Make horses work for food to avoid boredom

Exercise good for digestion | Specialist advises using a grazing muzzle to extend eating time and prevent wood chewing

RED DEER — Horses left to their own devices spend most of their time eating.

About 70 percent of a 24 hour period is spent either foraging or eating, said equine specialist Lori Warren of the University of Florida.

Unlike other livestock, they will also eat at night.

“These meals might last a few minutes, or depending on forage, it might last many hours of non-stop eating before they move on to another activity,” Warren told the Alberta Horse Breeders Conference held in Red Deer Jan. 10-12.

Many horses are raised in confinement, and although they receive a well balanced diet, they also spend less time eating it, which gives them time to do other things that may not always be healthy.

“How we manage horses, what we feed them has really changed how they interact with their diet,” said Warren.

Horses on pasture might travel three to five kilometres a day, which gives them exercise and keeps their bowels moving. They are also likely to be among other horses, which provides stimulation.

“For our convenience, a lot of horses are meal fed, two times a day,” she said.

Confined horses require special care. Their feed might meet their physical requirements, but it does not address their psychological needs.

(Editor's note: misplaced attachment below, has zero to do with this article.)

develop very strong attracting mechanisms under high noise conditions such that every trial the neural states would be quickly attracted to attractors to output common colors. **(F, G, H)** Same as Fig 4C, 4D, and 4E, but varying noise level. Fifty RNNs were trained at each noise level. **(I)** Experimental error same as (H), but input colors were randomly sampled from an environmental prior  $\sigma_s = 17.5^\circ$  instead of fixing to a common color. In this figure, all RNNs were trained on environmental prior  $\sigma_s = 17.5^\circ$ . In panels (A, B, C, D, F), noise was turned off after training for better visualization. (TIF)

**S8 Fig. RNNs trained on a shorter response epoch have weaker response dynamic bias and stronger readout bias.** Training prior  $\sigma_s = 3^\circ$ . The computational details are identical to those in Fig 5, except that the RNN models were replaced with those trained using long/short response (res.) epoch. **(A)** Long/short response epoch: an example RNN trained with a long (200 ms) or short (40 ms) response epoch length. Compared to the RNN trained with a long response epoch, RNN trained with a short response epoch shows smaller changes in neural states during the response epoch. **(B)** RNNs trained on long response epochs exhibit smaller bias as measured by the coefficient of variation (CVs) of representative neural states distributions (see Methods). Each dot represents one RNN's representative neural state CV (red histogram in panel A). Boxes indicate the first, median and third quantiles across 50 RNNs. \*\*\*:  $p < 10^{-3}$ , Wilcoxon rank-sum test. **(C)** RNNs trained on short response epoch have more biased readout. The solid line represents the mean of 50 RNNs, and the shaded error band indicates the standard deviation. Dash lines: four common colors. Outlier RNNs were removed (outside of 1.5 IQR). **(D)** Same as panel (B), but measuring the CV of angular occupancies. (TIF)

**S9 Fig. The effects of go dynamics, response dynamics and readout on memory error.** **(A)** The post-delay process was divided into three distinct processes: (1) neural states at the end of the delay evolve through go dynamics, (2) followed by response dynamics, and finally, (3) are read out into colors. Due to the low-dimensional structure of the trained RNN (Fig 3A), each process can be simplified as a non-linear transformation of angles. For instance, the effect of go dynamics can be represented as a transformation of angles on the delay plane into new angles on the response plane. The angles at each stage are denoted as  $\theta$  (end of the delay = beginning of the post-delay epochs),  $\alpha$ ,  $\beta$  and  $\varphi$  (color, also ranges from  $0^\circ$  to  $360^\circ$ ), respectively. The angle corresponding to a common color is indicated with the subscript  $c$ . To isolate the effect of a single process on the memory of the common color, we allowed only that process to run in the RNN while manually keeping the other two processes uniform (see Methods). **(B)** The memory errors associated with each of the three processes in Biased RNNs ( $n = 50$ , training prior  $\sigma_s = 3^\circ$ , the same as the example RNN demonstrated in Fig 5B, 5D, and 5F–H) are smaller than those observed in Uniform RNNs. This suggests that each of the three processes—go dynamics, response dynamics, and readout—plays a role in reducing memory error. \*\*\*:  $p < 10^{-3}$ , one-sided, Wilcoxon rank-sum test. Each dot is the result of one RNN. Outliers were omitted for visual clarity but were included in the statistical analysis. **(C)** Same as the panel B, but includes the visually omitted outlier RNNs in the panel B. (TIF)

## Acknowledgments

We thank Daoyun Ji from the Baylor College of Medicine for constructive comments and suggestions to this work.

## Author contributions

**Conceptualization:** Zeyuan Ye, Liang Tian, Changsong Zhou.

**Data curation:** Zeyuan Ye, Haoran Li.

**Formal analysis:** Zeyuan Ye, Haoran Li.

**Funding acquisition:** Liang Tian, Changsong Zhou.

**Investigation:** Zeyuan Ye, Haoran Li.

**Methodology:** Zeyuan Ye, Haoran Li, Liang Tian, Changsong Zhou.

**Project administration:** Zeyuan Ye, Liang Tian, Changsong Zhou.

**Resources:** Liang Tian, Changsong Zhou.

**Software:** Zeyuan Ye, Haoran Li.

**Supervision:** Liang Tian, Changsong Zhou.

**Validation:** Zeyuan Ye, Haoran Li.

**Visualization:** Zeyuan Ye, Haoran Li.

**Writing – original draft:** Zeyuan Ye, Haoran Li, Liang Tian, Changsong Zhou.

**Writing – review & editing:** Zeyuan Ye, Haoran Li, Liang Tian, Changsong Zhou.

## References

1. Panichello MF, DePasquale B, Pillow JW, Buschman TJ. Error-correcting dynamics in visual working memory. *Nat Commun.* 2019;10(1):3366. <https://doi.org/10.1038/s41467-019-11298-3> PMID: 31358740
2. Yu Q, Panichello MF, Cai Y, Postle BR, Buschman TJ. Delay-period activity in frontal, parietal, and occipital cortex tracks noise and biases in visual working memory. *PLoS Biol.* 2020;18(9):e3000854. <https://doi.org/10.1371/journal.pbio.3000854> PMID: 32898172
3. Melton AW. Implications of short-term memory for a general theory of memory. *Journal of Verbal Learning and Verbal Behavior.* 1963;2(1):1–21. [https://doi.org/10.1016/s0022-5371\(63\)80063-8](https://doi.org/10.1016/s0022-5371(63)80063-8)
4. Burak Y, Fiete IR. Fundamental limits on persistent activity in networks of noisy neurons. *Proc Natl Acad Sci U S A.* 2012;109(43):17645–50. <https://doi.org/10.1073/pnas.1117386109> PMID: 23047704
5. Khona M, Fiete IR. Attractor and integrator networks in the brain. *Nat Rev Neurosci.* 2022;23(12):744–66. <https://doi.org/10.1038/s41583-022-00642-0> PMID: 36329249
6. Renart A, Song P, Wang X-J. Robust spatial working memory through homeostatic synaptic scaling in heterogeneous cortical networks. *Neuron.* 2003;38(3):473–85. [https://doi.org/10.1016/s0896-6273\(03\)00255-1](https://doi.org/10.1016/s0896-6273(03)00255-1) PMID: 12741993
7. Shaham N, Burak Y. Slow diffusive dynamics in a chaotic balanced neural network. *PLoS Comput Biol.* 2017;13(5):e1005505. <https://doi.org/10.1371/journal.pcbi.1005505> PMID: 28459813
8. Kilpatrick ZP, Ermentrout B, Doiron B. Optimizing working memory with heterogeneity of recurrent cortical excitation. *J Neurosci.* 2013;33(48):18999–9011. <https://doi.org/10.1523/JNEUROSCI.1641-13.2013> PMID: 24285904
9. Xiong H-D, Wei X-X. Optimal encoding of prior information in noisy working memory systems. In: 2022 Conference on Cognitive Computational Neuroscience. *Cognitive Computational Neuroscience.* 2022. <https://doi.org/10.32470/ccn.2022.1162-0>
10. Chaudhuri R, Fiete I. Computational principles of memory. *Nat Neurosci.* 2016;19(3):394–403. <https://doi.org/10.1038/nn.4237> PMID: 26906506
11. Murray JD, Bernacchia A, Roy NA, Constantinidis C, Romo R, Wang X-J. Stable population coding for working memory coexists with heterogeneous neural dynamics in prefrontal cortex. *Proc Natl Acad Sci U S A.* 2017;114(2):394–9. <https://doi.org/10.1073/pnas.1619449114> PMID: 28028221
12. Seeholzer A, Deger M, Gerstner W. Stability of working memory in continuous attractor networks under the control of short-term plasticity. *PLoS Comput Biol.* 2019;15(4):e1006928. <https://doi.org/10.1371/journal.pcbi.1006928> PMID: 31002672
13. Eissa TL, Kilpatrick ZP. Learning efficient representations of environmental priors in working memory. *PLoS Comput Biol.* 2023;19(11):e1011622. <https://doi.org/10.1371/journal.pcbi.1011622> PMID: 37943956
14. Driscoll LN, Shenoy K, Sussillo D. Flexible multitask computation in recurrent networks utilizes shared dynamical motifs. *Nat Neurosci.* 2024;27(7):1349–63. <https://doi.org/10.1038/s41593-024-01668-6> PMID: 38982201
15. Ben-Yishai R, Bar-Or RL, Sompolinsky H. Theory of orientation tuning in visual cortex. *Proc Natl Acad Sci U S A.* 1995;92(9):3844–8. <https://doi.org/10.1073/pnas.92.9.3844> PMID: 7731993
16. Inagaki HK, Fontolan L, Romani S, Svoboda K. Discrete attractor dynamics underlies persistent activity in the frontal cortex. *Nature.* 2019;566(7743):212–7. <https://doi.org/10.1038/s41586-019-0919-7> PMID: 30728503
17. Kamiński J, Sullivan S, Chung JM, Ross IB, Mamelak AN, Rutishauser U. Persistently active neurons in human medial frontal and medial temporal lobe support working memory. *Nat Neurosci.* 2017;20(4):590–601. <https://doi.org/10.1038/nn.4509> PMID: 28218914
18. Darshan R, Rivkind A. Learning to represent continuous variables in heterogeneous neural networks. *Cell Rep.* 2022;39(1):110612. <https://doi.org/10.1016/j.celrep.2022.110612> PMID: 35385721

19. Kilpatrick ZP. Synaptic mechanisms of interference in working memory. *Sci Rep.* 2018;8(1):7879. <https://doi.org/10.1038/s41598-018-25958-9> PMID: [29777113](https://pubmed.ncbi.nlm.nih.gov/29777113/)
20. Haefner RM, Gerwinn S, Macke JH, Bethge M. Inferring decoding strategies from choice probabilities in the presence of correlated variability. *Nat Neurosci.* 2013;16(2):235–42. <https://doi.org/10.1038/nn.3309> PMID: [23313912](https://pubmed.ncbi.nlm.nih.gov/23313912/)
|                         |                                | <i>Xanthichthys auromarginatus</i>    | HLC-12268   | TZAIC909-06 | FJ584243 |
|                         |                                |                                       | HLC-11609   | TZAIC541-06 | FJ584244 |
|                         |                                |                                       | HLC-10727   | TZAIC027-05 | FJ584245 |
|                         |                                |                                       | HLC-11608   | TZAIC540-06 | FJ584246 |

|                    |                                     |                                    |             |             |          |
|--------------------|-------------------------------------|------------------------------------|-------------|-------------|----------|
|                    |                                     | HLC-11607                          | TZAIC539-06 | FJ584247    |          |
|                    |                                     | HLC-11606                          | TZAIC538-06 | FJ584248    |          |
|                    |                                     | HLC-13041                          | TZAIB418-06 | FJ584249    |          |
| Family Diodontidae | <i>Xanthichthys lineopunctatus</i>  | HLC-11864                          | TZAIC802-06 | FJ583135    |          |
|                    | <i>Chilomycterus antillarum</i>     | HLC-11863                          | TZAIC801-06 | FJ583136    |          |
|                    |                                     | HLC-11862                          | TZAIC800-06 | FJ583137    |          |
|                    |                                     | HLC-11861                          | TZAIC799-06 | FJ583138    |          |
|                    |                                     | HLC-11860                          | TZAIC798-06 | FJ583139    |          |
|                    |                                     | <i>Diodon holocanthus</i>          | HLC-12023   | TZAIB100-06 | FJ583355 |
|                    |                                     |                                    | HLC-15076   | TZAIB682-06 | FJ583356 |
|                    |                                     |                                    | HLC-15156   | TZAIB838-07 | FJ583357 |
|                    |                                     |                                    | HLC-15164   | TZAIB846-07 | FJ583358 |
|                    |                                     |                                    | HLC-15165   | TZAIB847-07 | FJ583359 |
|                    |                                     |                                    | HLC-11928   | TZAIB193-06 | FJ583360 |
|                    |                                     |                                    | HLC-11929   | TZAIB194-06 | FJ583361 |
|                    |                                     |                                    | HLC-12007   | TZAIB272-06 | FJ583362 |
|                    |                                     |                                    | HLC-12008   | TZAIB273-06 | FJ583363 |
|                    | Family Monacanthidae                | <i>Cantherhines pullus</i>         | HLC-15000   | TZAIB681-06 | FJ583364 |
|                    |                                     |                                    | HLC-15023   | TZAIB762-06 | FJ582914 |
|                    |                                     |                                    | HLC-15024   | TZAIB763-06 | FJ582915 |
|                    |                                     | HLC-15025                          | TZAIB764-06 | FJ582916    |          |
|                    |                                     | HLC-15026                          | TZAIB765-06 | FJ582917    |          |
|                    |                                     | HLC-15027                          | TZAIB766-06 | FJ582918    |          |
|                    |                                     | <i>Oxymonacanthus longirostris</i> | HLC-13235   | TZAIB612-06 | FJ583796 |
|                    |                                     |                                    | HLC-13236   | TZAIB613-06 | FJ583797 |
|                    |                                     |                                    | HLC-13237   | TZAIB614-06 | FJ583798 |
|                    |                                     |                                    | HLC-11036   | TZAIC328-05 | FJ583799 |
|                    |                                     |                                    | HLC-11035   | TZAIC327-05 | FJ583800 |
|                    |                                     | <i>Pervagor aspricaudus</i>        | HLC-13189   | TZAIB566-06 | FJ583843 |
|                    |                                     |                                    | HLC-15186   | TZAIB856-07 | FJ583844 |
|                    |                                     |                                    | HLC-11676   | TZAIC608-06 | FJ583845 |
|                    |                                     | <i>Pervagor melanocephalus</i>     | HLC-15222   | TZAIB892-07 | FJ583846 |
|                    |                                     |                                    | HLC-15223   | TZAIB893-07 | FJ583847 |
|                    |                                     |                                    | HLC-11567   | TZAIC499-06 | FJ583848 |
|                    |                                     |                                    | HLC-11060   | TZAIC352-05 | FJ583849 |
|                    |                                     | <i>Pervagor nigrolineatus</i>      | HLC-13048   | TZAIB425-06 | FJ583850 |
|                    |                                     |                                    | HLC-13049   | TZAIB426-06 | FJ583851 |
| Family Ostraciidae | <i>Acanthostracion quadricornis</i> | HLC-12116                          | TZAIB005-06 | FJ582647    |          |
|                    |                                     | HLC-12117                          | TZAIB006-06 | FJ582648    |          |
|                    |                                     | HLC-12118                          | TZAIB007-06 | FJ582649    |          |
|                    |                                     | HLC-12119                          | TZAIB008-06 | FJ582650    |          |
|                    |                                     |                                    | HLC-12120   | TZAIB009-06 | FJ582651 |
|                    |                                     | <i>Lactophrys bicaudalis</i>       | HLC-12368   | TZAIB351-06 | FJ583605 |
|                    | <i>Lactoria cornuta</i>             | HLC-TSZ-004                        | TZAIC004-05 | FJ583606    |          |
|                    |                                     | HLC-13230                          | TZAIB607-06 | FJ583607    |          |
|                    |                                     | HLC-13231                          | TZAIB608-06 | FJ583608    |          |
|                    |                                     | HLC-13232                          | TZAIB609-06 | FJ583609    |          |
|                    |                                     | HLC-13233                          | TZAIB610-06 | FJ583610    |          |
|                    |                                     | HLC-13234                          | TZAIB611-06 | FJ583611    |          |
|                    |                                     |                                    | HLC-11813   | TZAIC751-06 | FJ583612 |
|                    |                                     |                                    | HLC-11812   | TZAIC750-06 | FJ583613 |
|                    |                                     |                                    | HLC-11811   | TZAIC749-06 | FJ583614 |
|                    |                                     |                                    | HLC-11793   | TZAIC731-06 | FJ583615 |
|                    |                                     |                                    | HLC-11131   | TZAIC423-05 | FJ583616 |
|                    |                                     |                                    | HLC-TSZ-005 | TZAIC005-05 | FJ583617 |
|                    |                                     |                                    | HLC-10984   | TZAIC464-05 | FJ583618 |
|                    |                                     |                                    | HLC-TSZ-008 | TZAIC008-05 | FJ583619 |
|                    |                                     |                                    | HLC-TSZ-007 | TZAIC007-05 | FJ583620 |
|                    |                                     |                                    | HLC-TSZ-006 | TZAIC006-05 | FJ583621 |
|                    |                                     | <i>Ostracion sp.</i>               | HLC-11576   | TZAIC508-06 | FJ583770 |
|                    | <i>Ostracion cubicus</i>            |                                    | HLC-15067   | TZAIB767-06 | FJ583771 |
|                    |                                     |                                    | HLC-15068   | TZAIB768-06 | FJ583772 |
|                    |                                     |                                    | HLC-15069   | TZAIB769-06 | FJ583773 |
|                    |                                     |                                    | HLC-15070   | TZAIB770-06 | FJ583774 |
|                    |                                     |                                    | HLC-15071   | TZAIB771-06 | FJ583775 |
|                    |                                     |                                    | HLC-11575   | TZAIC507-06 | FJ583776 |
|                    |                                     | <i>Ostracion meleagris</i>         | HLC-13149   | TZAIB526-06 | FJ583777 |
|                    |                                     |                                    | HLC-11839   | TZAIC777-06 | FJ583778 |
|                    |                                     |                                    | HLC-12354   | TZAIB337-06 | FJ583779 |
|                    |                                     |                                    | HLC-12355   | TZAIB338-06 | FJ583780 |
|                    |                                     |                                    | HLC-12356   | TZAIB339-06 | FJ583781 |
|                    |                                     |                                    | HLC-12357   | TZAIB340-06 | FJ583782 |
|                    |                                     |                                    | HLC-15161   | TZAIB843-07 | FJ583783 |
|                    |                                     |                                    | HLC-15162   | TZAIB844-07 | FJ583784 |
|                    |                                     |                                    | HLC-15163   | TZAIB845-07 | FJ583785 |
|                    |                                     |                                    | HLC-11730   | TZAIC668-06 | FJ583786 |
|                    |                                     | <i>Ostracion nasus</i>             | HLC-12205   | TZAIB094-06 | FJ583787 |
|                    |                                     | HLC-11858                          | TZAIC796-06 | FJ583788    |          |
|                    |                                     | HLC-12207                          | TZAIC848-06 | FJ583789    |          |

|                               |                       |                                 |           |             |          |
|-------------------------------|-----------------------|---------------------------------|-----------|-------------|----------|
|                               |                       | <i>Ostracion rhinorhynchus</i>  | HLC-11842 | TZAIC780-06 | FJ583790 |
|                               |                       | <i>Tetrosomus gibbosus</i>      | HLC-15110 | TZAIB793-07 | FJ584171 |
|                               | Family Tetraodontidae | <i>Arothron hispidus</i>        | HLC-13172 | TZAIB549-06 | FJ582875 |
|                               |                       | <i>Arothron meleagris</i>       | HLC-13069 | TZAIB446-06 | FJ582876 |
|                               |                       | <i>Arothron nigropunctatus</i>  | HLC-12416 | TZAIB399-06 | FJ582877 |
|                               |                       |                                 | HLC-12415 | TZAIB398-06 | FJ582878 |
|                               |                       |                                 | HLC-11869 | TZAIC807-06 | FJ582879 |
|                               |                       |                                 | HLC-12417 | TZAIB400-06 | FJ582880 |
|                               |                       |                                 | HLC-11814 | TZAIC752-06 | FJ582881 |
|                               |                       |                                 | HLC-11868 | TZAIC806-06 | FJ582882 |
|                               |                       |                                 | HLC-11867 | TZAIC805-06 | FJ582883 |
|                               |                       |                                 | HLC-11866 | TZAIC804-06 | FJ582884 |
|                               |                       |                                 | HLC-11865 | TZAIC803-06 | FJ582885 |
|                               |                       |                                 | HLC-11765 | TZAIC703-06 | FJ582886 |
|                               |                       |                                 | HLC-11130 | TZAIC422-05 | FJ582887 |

Warren said it is not always practical to turn horses out to pasture, but their owners need to find a way to prolong the time the animals eat.

Owners can slow down a horse’s eating time by using grazing muzzles or feeders that make them work for their feed.

Wood chewing and cribbing may result if the horse has no food and nothing to do.

Warren also advises matching the hay to the horse.

Growing horses or hard working horses may need grain for extra energy. Thin horses or those with bad teeth may need concentrates.

High level performance or growing horses as well as lactating mares and thin horses may need grass alfalfa mixes or alfalfa hay.

Mid maturity hay with lots of leaves should meet the requirements for average performance horses and pregnant mares.

Ponies, miniature horses and idle ones may receive a grass hay or coarser hay, which slows them down when they eat. This type of hay also has a lower nutrient quality.

The type of feed also affects digestion and behaviour. Concentrates may be nutritionally balanced, but they take less time to eat compared to long stemmed hay, which re-quires considerable chewing.

Research has shown a horse chews 3,000 times for every kilogram of hay eaten but much less when eating grain. Long chewing produces more saliva to aid digestion and buffer the stomach.

Horses can produce 30 to 60 litres of saliva per day, which is recycled as water in their bodies.

Modern feeding practices can cause ulcers because the stomach passes the food through too quickly.

Colic and laminitis are also possible when there is lots of time between meals.

Horses also want variety. They prefer short, vegetative grasses and grazing in areas where there is a mixture of plant species.

However, they cannot tolerate drastic changes in diet. Mixtures can be introduced gradually to horses that are meal fed so that they can pick through it.

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